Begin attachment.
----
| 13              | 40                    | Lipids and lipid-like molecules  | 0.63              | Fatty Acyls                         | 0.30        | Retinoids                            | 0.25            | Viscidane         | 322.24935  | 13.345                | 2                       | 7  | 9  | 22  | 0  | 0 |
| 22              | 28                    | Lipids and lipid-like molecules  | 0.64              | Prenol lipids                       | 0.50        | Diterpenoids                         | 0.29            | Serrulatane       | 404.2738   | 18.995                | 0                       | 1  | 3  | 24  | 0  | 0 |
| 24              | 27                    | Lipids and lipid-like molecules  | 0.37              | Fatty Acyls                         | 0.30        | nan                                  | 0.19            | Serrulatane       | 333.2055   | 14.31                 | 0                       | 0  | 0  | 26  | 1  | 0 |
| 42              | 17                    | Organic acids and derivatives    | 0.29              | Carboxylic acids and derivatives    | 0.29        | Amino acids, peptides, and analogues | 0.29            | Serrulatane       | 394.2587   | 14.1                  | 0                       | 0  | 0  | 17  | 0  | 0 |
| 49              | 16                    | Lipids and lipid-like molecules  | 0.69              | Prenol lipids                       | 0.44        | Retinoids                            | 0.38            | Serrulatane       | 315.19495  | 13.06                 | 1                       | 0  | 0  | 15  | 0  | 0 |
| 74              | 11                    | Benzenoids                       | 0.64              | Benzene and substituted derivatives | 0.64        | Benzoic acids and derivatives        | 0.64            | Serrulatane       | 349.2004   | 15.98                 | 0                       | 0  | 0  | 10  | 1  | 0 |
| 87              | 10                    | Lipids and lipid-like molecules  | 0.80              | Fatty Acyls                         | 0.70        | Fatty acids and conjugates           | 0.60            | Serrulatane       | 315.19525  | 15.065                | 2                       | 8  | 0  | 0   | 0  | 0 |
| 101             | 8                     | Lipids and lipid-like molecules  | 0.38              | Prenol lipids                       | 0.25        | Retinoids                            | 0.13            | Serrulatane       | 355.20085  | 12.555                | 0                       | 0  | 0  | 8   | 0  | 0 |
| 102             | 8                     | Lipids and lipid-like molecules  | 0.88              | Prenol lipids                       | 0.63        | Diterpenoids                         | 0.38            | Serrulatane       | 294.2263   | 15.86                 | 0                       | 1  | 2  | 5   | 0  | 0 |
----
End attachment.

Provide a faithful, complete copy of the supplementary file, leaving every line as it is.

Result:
| 13              | 40                    | Lipids and lipid-like molecules  | 0.63              | Fatty Acyls                         | 0.30        | Retinoids                            | 0.25            | Viscidane         | 322.24935  | 13.345                | 2                       | 7  | 9  | 22  | 0  | 0 |
| 22              | 28                    | Lipids and lipid-like molecules  | 0.64              | Prenol lipids                       | 0.50        | Diterpenoids                         | 0.29            | Serrulatane       | 404.2738   | 18.995                | 0                       | 1  | 3  | 24  | 0  | 0 |
| 24              | 27                    | Lipids and lipid-like molecules  | 0.37              | Fatty Acyls                         | 0.30        | nan                                  | 0.19            | Serrulatane       | 333.2055   | 14.31                 | 0                       | 0  | 0  | 26  | 1  | 0 |
| 42              | 17                    | Organic acids and derivatives    | 0.29              | Carboxylic acids and derivatives    | 0.29        | Amino acids, peptides, and analogues | 0.29            | Serrulatane       | 394.2587   | 14.1                  | 0                       | 0  | 0  | 17  | 0  | 0 |
| 49              | 16                    | Lipids and lipid-like molecules  | 0.69              | Prenol lipids                       | 0.44        | Retinoids                            | 0.38            | Serrulatane       | 315.19495  | 13.06                 | 1                       | 0  | 0  | 15  | 0  | 0 |
| 74              | 11                    | Benzenoids                       | 0.64              | Benzene and substituted derivatives | 0.64        | Benzoic acids and derivatives        | 0.64            | Serrulatane       | 349.2004   | 15.98                 | 0                       | 0  | 0  | 10  | 1  | 0 |
| 87              | 10                    | Lipids and lipid-like molecules  | 0.80              | Fatty Acyls                         | 0.70        | Fatty acids and conjugates           | 0.60            | Serrulatane       | 315.19525  | 15.065                | 2                       | 8  | 0  | 0   | 0  | 0 |
| 101             | 8                     | Lipids and lipid-like molecules  | 0.38              | Prenol lipids                       | 0.25        | Retinoids                            | 0.13            | Serrulatane       | 355.20085  | 12.555                | 0                       | 0  | 0  | 8   | 0  | 0 |
| 102             | 8                     | Lipids and lipid-like molecules  | 0.88              | Prenol lipids                       | 0.63        | Diterpenoids                         | 0.38            | Serrulatane       | 294.2263   | 15.86                 | 0                       | 1  | 2  | 5   | 0  | 0 |